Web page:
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It's a String Thing
 
 
We All Do It
I never have really looked, but I would imagine that about 90% of all VB programs utilize strings in some way. We store them, check them, build them up, tear them down, slice them, and dice them. Sometimes, we use small ones like If s = "A" Then (do something). Sometimes, we build huge ones like web pages or entire documents built entirely programmatically. Either way, VB rings true in making things as easy for us as possible. If you've ever tried to work with strings or characters in other languages like C++, then you'll know what I mean. There's actually a good bit of work to managing strings internally, and VB/COM takes care of all that for us.

For our part, we need to understand a little about what's going on under the hood. When we do, we can achieve a great deal of efficiency and speed by just keeping a few short rules in mind. Let's look at a few of those rules and see what we can do to work within them.
Numbers, No Letters
Internally, strings are stored as arrays of Integer values so if you treat them as such, you apps will be much more efficient. Consider the following Select Case statement. Drop these two tests into last week's benchmarking application (available on my FTP site, ftp.earldamron.com, in the /pub/TimeTest folder). The idea (in case you missed it then) is to compare the amount of time required to perform the same logical work using two different methods. In these two snippets, I'll compare a simple Select Case statement using strings vs. integers obtained using the AscW function.
  ' first, the typical string way
  Select Case s
   Case "F"
   Case "G"
   Case "H"
  End Select

  ' next, comparing the values stored internally for each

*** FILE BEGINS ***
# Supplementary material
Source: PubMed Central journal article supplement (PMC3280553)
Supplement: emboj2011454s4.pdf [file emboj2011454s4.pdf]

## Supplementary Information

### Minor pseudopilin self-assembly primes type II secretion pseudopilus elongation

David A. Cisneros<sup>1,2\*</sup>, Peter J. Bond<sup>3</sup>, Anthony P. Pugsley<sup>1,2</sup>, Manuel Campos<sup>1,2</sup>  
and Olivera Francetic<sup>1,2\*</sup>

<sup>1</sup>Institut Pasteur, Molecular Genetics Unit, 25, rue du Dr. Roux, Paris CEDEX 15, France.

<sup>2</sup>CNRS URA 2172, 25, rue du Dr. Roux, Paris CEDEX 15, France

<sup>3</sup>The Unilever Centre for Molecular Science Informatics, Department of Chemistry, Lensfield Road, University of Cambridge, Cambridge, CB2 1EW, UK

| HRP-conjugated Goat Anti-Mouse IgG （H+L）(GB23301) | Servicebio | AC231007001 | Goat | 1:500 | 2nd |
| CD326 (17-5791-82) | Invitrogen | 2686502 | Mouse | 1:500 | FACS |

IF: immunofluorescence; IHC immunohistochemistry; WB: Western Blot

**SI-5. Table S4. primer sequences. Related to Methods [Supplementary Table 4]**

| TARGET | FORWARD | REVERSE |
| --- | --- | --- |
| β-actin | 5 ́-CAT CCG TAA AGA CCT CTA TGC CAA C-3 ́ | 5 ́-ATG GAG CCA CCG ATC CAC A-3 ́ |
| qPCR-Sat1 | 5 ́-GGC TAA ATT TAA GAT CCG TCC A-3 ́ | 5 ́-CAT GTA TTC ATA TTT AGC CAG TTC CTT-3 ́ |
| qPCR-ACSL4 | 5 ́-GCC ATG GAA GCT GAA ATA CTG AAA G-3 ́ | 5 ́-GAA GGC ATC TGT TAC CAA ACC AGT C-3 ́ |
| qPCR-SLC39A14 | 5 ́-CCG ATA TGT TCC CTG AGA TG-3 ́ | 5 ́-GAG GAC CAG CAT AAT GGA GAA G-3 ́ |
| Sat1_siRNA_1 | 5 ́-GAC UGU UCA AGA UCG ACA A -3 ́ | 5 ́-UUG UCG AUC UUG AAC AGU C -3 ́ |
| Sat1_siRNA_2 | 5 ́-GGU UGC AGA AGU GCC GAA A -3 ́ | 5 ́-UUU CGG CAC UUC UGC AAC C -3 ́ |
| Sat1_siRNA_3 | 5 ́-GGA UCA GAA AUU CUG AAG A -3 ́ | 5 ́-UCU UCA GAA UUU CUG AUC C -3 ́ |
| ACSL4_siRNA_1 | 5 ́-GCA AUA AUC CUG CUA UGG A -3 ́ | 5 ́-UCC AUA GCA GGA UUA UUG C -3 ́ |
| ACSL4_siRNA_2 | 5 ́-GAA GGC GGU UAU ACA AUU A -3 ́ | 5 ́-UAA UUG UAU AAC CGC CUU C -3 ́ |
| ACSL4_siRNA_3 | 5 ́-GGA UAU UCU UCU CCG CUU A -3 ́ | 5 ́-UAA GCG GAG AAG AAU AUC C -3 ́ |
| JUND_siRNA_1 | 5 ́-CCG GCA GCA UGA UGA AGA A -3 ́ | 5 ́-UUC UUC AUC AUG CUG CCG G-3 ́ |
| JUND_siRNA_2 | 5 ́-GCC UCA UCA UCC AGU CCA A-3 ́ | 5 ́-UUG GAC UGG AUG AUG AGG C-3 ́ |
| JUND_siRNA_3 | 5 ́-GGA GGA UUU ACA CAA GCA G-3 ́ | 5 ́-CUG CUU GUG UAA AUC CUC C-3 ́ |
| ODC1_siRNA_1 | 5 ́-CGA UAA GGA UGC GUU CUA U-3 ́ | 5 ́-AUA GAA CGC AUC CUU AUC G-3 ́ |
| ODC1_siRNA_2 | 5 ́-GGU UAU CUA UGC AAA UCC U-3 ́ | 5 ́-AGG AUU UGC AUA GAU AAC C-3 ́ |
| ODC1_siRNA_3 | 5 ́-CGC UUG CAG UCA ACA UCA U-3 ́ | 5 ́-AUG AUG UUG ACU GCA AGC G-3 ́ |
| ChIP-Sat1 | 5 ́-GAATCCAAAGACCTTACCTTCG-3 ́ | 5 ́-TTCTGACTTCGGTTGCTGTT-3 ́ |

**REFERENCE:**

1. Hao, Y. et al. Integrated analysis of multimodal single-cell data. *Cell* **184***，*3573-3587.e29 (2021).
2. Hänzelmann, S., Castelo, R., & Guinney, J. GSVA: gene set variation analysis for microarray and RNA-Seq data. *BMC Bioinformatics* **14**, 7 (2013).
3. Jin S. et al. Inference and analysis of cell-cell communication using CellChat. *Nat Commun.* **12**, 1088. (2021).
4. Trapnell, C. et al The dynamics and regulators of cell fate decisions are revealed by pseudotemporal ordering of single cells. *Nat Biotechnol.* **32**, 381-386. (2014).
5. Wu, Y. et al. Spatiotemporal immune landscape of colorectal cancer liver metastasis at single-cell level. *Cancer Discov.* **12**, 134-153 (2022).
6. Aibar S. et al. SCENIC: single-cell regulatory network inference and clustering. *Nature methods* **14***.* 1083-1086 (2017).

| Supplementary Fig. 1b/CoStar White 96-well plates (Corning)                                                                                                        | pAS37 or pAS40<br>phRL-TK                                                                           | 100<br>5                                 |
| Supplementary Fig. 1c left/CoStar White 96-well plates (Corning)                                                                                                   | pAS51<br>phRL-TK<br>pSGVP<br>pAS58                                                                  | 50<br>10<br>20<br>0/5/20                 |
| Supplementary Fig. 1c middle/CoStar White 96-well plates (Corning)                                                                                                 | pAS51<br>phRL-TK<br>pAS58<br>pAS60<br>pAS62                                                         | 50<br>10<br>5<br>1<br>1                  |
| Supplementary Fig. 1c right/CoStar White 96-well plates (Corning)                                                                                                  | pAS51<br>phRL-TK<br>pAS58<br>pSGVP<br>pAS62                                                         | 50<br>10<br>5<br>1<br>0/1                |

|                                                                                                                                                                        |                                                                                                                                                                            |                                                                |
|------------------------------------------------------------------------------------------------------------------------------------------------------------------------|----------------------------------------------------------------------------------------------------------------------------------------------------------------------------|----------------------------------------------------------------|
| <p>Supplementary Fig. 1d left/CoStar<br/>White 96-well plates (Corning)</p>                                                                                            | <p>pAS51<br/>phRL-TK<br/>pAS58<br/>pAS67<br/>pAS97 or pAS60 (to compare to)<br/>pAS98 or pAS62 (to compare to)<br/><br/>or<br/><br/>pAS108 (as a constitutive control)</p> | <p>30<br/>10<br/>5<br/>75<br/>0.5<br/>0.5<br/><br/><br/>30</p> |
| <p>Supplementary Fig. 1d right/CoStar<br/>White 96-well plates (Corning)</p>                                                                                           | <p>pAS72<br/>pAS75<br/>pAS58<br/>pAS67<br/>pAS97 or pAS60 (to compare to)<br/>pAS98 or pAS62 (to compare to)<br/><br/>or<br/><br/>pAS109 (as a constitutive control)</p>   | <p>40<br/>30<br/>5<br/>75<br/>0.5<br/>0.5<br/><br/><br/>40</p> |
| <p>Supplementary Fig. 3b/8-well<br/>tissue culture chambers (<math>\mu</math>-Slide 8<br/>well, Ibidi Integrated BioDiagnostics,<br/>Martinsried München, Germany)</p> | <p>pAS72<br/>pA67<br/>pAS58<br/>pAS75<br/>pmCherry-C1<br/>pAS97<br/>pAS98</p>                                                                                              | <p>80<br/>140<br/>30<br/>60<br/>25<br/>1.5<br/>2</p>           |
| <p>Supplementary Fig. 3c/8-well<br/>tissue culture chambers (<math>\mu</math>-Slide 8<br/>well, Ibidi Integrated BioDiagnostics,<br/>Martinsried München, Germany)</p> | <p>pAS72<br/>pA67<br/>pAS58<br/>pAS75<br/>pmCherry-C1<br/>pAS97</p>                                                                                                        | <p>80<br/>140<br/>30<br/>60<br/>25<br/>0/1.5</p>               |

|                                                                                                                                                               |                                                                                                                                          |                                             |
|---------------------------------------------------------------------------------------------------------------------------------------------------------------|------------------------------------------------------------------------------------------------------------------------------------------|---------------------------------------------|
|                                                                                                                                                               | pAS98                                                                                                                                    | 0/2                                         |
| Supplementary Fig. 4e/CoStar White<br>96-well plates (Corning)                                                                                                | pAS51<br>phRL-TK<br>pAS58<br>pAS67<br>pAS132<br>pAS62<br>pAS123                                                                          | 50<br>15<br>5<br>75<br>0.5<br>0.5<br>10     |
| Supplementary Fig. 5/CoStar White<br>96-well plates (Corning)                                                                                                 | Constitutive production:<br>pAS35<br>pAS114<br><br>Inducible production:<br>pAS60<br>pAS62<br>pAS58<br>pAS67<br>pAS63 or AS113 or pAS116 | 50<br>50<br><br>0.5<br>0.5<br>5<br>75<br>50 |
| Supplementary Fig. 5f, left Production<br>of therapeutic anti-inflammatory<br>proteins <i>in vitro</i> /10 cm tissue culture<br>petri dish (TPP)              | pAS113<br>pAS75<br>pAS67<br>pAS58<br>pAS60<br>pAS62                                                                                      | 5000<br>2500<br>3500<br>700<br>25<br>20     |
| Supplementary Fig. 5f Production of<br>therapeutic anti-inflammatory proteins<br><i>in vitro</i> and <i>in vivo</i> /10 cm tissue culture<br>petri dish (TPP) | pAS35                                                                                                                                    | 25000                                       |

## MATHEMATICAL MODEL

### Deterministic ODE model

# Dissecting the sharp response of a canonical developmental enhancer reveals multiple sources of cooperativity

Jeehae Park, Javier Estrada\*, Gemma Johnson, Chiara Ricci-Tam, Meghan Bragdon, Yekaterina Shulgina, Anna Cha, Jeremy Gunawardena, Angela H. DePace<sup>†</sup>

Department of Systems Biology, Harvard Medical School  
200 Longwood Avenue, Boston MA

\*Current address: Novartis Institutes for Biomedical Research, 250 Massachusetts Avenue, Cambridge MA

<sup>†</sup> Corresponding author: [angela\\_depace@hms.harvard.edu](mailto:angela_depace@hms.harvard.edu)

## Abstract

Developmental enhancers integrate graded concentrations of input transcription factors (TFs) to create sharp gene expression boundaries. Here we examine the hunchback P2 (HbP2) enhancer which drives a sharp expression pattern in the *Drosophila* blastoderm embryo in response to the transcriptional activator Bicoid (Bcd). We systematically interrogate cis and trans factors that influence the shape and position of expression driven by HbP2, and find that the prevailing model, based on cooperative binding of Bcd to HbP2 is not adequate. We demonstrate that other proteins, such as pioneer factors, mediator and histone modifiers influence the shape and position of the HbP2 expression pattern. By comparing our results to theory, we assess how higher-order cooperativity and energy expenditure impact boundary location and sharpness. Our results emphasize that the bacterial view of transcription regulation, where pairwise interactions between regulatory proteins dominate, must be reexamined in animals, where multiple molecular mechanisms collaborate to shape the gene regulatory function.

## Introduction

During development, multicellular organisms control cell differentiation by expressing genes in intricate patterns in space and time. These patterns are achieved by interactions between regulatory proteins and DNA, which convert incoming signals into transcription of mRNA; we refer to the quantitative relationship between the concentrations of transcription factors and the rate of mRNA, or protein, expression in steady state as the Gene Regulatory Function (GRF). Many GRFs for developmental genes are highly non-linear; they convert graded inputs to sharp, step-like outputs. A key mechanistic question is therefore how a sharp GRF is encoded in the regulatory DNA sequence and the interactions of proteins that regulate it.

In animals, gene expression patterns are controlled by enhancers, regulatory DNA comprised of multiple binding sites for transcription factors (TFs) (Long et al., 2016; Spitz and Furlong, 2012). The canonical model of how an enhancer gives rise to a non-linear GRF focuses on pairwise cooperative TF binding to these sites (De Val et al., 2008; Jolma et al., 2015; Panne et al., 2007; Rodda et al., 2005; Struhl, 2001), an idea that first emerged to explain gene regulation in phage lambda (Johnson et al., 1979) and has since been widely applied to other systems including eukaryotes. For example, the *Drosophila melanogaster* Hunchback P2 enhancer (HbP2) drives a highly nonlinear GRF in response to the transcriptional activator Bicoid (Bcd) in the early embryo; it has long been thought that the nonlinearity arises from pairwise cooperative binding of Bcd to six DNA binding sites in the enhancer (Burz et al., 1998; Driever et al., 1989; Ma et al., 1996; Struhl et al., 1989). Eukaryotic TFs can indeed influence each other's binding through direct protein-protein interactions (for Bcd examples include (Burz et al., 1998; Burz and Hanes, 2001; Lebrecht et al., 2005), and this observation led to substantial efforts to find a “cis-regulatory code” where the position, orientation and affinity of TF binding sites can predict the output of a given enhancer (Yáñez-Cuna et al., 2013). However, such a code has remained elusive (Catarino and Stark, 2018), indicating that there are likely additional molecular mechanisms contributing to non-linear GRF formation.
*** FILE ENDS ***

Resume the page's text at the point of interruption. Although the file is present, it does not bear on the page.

' character value above
  Select Case AscW(s)
   Case 70 ' F
   Case 71 ' G
   Case 72 ' H
  End Select
On average with 5,000,000 iterations on a PIII 600, the Print statements give results like

String Comparisons: 3.487
AscW Comparisons: 0.109

A 96% speed improvement! For the string comparisons, the VB compiler generates a series of

If ... Then
ElseIf ... Then
ElseIf ... Then
Else

statements. For the AscW comparisons, the compiler generates a switch table. Why the AscW function? Thanks for asking. Your check is in the mail.
No Conversion Necessary
Internally, VB stores strings as UNICODE. To interact with the "outside world", it converts stings to ANSI. These string conversions are expensive and should be avoided whenever possible. One way is to use the wide versions of string functions. Consider the following two tests in the benchamrking application:
  ' the normal ASCII function
  m = Asc("F")

  ' the Unicode (i.e., wide) version of the ASCII function
  m = AscW("F")
The benchmarking app for 5,000,000 iterations reports results like

Asc(): .990
AscW(): .110

An almost 90% speed improvement. The Asc() function must convert the "F" from an ANSI F to a UNICODE "F". You can see the cost of the conversion in the performance numbers. There's a ChrW() function also that you should consider using over the Chr() function.
Variants Are Evil
Well, not really, but there are multiple versions of approx. 25 string functions. These versions can return either a String or Variant type. The String versions always contain a $ sign while the Variant versions do not. ALWAYS use the string versions unless you actually want the Variant.  Consider